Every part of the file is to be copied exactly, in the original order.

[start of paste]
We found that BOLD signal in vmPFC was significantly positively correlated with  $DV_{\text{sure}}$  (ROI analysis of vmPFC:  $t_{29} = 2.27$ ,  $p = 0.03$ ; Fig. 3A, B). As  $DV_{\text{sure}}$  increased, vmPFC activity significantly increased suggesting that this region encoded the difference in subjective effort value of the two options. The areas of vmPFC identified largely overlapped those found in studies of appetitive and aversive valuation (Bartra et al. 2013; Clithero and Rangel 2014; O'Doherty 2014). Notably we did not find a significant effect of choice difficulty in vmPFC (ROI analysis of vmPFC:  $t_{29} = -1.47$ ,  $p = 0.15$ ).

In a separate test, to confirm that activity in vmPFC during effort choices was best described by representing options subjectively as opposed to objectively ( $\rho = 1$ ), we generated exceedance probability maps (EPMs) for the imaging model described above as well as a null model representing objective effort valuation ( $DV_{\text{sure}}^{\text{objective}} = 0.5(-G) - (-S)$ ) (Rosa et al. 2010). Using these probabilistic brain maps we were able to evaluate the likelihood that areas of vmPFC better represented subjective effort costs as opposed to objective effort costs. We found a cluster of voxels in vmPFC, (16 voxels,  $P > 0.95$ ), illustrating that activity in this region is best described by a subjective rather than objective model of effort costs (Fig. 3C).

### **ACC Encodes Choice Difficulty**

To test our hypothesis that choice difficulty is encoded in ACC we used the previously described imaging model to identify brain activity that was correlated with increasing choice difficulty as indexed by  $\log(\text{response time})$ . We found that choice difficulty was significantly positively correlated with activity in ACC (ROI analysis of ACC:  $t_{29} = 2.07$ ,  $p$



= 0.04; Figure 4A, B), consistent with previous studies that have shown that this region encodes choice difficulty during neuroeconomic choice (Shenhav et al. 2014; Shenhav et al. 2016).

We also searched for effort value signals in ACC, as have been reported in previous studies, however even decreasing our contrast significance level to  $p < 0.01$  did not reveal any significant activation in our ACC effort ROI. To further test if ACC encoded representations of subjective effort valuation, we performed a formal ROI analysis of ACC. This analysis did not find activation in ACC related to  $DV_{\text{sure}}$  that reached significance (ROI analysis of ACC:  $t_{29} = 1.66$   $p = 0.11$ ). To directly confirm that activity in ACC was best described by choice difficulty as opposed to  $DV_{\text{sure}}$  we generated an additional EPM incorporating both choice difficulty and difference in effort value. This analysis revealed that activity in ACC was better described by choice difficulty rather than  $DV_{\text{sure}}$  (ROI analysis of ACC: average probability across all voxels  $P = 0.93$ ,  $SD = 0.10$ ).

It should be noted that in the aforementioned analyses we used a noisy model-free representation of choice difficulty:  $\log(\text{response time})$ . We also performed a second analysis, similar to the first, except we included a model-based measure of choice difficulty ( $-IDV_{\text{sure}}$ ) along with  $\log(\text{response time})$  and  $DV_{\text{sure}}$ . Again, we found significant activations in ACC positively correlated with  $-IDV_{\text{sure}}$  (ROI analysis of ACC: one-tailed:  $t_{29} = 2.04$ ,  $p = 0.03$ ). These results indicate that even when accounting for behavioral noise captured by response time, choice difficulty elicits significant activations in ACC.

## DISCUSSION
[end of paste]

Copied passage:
We found that BOLD signal in vmPFC was significantly positively correlated with  $DV_{\text{sure}}$  (ROI analysis of vmPFC:  $t_{29} = 2.27$ ,  $p = 0.03$ ; Fig. 3A, B). As  $DV_{\text{sure}}$  increased, vmPFC activity significantly increased suggesting that this region encoded the difference in subjective effort value of the two options. The areas of vmPFC identified largely overlapped those found in studies of appetitive and aversive valuation (Bartra et al. 2013; Clithero and Rangel 2014; O'Doherty 2014). Notably we did not find a significant effect of choice difficulty in vmPFC (ROI analysis of vmPFC:  $t_{29} = -1.47$ ,  $p = 0.15$ ).

In a separate test, to confirm that activity in vmPFC during effort choices was best described by representing options subjectively as opposed to objectively ( $\rho = 1$ ), we generated exceedance probability maps (EPMs) for the imaging model described above as well as a null model representing objective effort valuation ( $DV_{\text{sure}}^{\text{objective}} = 0.5(-G) - (-S)$ ) (Rosa et al. 2010). Using these probabilistic brain maps we were able to evaluate the likelihood that areas of vmPFC better represented subjective effort costs as opposed to objective effort costs. We found a cluster of voxels in vmPFC, (16 voxels,  $P > 0.95$ ), illustrating that activity in this region is best described by a subjective rather than objective model of effort costs (Fig. 3C).

### **ACC Encodes Choice Difficulty**

To test our hypothesis that choice difficulty is encoded in ACC we used the previously described imaging model to identify brain activity that was correlated with increasing choice difficulty as indexed by  $\log(\text{response time})$ . We found that choice difficulty was significantly positively correlated with activity in ACC (ROI analysis of ACC:  $t_{29} = 2.07$ ,  $p$



= 0.04; Figure 4A, B), consistent with previous studies that have shown that this region encodes choice difficulty during neuroeconomic choice (Shenhav et al. 2014; Shenhav et al. 2016).

We also searched for effort value signals in ACC, as have been reported in previous studies, however even decreasing our contrast significance level to  $p < 0.01$  did not reveal any significant activation in our ACC effort ROI. To further test if ACC encoded representations of subjective effort valuation, we performed a formal ROI analysis of ACC. This analysis did not find activation in ACC related to  $DV_{\text{sure}}$  that reached significance (ROI analysis of ACC:  $t_{29} = 1.66$   $p = 0.11$ ). To directly confirm that activity in ACC was best described by choice difficulty as opposed to  $DV_{\text{sure}}$  we generated an additional EPM incorporating both choice difficulty and difference in effort value. This analysis revealed that activity in ACC was better described by choice difficulty rather than  $DV_{\text{sure}}$  (ROI analysis of ACC: average probability across all voxels  $P = 0.93$ ,  $SD = 0.10$ ).

It should be noted that in the aforementioned analyses we used a noisy model-free representation of choice difficulty:  $\log(\text{response time})$ . We also performed a second analysis, similar to the first, except we included a model-based measure of choice difficulty ( $-IDV_{\text{sure}}$ ) along with  $\log(\text{response time})$  and  $DV_{\text{sure}}$ . Again, we found significant activations in ACC positively correlated with  $-IDV_{\text{sure}}$  (ROI analysis of ACC: one-tailed:  $t_{29} = 2.04$ ,  $p = 0.03$ ). These results indicate that even when accounting for behavioral noise captured by response time, choice difficulty elicits significant activations in ACC.

## DISCUSSION